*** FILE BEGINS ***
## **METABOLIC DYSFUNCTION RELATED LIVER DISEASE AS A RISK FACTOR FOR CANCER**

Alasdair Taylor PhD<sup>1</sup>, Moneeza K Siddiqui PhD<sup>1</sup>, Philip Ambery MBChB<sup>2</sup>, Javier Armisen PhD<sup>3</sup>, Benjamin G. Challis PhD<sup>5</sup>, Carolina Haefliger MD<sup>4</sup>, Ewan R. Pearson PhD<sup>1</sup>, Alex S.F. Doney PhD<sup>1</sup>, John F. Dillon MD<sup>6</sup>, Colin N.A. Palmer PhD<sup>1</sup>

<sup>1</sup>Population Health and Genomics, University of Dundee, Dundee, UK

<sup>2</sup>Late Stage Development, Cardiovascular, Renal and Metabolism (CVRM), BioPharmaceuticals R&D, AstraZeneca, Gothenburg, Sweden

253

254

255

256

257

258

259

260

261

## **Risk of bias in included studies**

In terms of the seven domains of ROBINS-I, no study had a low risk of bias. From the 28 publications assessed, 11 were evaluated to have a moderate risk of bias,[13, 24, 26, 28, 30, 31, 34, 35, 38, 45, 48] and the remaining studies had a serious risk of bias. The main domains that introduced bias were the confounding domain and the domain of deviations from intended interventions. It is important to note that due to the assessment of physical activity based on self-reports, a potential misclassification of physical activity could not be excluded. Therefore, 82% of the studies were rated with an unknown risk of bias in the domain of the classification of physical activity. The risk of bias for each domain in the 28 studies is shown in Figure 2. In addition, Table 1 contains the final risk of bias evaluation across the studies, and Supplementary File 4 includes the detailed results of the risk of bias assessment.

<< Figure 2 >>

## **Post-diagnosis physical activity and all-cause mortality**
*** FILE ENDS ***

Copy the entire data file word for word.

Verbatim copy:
## **METABOLIC DYSFUNCTION RELATED LIVER DISEASE AS A RISK FACTOR FOR CANCER**

Alasdair Taylor PhD<sup>1</sup>, Moneeza K Siddiqui PhD<sup>1</sup>, Philip Ambery MBChB<sup>2</sup>, Javier Armisen PhD<sup>3</sup>, Benjamin G. Challis PhD<sup>5</sup>, Carolina Haefliger MD<sup>4</sup>, Ewan R. Pearson PhD<sup>1</sup>, Alex S.F. Doney PhD<sup>1</sup>, John F. Dillon MD<sup>6</sup>, Colin N.A. Palmer PhD<sup>1</sup>

<sup>1</sup>Population Health and Genomics, University of Dundee, Dundee, UK

<sup>2</sup>Late Stage Development, Cardiovascular, Renal and Metabolism (CVRM), BioPharmaceuticals R&D, AstraZeneca, Gothenburg, Sweden

253

254

255

256

257

258

259

260

261

## **Risk of bias in included studies**

In terms of the seven domains of ROBINS-I, no study had a low risk of bias. From the 28 publications assessed, 11 were evaluated to have a moderate risk of bias,[13, 24, 26, 28, 30, 31, 34, 35, 38, 45, 48] and the remaining studies had a serious risk of bias. The main domains that introduced bias were the confounding domain and the domain of deviations from intended interventions. It is important to note that due to the assessment of physical activity based on self-reports, a potential misclassification of physical activity could not be excluded. Therefore, 82% of the studies were rated with an unknown risk of bias in the domain of the classification of physical activity. The risk of bias for each domain in the 28 studies is shown in Figure 2. In addition, Table 1 contains the final risk of bias evaluation across the studies, and Supplementary File 4 includes the detailed results of the risk of bias assessment.

<< Figure 2 >>

## **Post-diagnosis physical activity and all-cause mortality**